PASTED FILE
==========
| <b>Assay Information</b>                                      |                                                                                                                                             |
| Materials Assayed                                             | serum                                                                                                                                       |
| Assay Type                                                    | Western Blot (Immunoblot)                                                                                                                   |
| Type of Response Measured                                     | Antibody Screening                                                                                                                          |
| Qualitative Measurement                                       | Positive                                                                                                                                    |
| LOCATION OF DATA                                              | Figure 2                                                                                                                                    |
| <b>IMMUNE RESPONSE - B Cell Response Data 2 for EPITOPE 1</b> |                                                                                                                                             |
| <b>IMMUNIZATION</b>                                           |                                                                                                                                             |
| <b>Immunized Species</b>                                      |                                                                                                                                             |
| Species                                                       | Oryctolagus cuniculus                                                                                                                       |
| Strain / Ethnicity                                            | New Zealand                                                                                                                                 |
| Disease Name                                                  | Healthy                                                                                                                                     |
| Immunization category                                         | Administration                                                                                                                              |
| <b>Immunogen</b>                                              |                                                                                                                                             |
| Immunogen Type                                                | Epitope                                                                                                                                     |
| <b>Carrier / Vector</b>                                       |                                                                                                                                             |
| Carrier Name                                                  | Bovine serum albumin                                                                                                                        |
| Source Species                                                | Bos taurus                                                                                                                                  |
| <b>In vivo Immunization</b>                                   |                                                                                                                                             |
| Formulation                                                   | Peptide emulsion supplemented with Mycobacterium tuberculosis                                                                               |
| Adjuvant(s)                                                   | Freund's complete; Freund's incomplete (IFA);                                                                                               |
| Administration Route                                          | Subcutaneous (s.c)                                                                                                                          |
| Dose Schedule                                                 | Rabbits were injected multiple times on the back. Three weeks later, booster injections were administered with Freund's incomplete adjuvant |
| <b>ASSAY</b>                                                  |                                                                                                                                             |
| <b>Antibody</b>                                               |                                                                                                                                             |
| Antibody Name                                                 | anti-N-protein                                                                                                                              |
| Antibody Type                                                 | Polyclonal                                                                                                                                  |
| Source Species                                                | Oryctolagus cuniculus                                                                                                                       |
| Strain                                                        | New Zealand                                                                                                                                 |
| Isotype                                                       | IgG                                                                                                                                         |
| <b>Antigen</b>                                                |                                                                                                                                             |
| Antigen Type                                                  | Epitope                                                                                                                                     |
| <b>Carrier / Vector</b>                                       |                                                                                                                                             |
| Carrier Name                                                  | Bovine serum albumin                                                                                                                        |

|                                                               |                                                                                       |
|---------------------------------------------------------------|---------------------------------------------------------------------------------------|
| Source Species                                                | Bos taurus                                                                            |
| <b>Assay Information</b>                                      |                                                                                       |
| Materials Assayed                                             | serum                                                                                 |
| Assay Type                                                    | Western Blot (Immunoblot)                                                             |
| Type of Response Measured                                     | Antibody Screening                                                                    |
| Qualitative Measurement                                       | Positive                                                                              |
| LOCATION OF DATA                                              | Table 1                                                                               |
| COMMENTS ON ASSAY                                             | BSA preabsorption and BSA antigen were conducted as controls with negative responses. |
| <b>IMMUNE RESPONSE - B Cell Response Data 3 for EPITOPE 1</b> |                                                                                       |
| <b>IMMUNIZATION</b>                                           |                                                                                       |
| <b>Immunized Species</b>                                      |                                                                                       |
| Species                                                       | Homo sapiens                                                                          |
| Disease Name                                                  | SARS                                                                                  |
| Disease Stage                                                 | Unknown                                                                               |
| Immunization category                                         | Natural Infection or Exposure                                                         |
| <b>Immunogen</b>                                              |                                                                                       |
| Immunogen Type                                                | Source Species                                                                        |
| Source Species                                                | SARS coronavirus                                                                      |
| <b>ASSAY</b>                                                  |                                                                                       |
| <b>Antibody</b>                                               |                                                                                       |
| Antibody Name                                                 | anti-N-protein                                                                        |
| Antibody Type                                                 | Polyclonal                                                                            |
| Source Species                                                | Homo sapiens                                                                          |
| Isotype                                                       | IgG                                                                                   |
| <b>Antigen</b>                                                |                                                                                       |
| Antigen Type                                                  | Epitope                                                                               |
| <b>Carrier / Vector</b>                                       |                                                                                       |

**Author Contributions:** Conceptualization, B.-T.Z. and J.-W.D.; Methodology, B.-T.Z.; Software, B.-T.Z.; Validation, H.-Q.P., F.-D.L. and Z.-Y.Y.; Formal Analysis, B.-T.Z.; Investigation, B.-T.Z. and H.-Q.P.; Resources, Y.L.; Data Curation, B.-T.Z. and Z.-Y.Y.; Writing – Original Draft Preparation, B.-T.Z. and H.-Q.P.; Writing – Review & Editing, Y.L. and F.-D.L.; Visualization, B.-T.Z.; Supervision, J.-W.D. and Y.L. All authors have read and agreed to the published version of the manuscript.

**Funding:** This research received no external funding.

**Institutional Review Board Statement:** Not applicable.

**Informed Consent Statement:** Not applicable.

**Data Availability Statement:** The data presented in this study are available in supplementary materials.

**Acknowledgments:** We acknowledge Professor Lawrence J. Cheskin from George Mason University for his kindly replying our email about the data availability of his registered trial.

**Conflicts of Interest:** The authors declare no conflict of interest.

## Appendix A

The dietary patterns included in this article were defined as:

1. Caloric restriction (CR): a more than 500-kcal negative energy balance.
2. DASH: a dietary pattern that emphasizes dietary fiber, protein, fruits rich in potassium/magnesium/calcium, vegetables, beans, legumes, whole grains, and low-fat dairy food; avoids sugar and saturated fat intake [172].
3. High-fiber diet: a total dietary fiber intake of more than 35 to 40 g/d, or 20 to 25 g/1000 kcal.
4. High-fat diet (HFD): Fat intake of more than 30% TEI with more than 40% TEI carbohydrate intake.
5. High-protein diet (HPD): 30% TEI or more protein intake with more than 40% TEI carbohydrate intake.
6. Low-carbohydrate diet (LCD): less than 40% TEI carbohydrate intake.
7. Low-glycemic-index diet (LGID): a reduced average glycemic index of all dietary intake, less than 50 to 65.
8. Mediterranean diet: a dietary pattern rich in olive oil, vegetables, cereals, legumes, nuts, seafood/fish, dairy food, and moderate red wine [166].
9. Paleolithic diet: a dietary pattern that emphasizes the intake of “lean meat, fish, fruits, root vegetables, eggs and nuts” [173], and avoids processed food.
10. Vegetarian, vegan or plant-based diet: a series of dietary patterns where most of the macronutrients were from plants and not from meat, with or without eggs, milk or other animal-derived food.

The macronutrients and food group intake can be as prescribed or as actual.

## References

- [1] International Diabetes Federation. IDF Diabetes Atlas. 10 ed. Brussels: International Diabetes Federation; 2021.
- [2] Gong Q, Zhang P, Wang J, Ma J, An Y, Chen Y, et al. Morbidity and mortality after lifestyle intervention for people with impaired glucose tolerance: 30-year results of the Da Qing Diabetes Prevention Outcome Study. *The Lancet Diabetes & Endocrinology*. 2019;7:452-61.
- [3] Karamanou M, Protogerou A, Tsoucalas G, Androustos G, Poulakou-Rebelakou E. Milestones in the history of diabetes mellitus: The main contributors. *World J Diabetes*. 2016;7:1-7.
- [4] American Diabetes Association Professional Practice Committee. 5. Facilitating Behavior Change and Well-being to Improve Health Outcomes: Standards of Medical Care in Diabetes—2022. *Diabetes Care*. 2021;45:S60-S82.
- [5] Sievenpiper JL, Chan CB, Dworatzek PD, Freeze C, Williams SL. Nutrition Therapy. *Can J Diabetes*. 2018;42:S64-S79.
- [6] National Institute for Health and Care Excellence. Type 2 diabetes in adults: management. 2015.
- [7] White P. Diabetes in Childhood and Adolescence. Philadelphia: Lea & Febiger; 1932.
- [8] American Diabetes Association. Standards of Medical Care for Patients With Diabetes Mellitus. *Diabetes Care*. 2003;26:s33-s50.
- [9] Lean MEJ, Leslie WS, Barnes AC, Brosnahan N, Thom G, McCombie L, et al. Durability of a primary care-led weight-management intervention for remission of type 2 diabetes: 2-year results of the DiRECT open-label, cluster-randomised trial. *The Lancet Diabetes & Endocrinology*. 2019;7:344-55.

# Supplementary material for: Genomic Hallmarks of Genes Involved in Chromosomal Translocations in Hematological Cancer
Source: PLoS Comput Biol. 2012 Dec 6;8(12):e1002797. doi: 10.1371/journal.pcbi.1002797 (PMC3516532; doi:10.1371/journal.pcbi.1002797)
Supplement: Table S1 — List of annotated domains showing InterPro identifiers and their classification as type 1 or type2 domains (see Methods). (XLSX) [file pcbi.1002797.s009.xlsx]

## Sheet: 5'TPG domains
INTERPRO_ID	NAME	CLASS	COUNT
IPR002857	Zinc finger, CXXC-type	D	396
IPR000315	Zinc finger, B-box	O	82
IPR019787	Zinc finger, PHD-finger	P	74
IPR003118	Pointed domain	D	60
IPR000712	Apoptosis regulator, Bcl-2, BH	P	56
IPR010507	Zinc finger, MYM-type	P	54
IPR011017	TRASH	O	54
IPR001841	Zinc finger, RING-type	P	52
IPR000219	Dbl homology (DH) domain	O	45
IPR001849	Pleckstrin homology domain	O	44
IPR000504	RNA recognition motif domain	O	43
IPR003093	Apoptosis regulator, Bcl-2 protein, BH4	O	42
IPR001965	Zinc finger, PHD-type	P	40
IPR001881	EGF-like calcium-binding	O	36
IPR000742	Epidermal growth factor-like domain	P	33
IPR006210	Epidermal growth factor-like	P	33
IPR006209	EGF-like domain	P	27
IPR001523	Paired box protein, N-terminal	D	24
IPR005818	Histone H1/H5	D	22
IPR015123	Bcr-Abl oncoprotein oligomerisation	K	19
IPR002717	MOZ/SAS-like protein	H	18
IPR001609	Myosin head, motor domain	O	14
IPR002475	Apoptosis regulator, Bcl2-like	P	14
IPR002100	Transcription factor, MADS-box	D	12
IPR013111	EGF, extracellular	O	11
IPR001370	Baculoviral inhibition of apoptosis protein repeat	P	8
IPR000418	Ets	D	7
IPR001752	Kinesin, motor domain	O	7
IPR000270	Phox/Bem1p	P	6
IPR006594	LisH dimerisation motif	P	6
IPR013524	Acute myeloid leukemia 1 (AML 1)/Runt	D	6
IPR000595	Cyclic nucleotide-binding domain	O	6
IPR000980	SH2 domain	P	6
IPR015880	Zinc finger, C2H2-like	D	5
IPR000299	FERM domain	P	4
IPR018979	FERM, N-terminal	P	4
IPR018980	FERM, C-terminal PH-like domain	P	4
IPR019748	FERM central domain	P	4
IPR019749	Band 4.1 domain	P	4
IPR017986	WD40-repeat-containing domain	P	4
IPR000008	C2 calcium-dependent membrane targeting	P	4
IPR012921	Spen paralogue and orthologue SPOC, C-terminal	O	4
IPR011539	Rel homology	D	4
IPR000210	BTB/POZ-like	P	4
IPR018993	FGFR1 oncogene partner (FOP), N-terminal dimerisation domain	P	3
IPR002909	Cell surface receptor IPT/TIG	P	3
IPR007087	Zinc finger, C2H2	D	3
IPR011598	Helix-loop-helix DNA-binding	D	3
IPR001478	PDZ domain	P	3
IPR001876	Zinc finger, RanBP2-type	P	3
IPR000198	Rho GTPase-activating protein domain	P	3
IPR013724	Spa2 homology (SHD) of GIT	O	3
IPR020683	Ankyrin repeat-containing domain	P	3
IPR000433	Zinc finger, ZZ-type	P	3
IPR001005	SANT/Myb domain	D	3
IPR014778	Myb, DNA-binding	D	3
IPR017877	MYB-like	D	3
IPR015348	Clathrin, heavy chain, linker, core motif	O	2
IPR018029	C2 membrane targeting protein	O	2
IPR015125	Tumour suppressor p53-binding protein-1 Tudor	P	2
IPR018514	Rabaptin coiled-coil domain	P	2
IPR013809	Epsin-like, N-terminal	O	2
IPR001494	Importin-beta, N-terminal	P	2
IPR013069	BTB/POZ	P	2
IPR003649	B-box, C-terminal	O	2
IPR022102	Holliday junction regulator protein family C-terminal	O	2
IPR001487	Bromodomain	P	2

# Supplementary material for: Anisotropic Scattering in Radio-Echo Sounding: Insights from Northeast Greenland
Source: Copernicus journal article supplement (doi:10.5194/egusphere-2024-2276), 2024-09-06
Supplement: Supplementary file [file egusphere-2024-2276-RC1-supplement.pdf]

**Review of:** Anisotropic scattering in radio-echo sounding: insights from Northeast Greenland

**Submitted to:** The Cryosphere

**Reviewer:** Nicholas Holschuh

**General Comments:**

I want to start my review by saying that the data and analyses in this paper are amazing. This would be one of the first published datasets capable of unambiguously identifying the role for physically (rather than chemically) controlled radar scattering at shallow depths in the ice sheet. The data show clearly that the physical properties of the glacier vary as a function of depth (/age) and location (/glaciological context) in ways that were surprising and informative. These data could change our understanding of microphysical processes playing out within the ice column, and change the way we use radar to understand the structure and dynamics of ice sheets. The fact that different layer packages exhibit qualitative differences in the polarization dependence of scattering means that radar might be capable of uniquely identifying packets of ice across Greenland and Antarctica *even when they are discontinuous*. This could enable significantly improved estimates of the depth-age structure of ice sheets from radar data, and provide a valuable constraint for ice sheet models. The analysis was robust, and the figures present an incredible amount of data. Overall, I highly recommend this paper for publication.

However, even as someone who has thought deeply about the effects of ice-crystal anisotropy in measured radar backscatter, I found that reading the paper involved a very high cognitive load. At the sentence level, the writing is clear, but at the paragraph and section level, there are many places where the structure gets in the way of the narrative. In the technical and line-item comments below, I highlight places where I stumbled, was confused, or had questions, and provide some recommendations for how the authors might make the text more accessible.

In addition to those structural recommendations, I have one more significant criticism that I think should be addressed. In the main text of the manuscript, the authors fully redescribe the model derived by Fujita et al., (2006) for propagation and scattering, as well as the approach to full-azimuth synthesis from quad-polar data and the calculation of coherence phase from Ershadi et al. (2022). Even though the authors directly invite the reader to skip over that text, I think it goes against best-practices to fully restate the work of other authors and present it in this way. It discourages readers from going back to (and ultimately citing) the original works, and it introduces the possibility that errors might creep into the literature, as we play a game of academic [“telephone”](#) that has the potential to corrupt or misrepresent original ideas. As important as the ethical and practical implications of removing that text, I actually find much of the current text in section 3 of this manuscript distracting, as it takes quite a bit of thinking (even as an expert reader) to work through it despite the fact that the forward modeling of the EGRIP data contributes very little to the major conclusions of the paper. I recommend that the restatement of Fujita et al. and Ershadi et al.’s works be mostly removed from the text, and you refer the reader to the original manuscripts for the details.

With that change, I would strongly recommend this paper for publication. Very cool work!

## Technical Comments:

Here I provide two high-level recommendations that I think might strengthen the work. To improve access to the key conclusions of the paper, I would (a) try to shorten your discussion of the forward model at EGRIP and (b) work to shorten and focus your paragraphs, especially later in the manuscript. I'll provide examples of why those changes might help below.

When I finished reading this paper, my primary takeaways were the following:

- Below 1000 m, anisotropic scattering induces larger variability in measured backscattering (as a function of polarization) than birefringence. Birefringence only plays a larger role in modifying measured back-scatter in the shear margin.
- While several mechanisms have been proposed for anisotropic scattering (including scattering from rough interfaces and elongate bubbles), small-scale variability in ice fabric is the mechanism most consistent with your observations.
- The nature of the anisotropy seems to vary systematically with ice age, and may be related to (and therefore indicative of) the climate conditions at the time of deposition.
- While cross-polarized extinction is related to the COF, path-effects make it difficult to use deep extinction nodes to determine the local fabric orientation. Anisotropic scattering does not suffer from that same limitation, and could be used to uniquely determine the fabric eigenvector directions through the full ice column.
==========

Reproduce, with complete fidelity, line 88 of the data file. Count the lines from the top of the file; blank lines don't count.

- [4] American Diabetes Association Professional Practice Committee. 5. Facilitating Behavior Change and Well-being to Improve Health Outcomes: Standards of Medical Care in Diabetes—2022. *Diabetes Care*. 2021;45:S60-S82.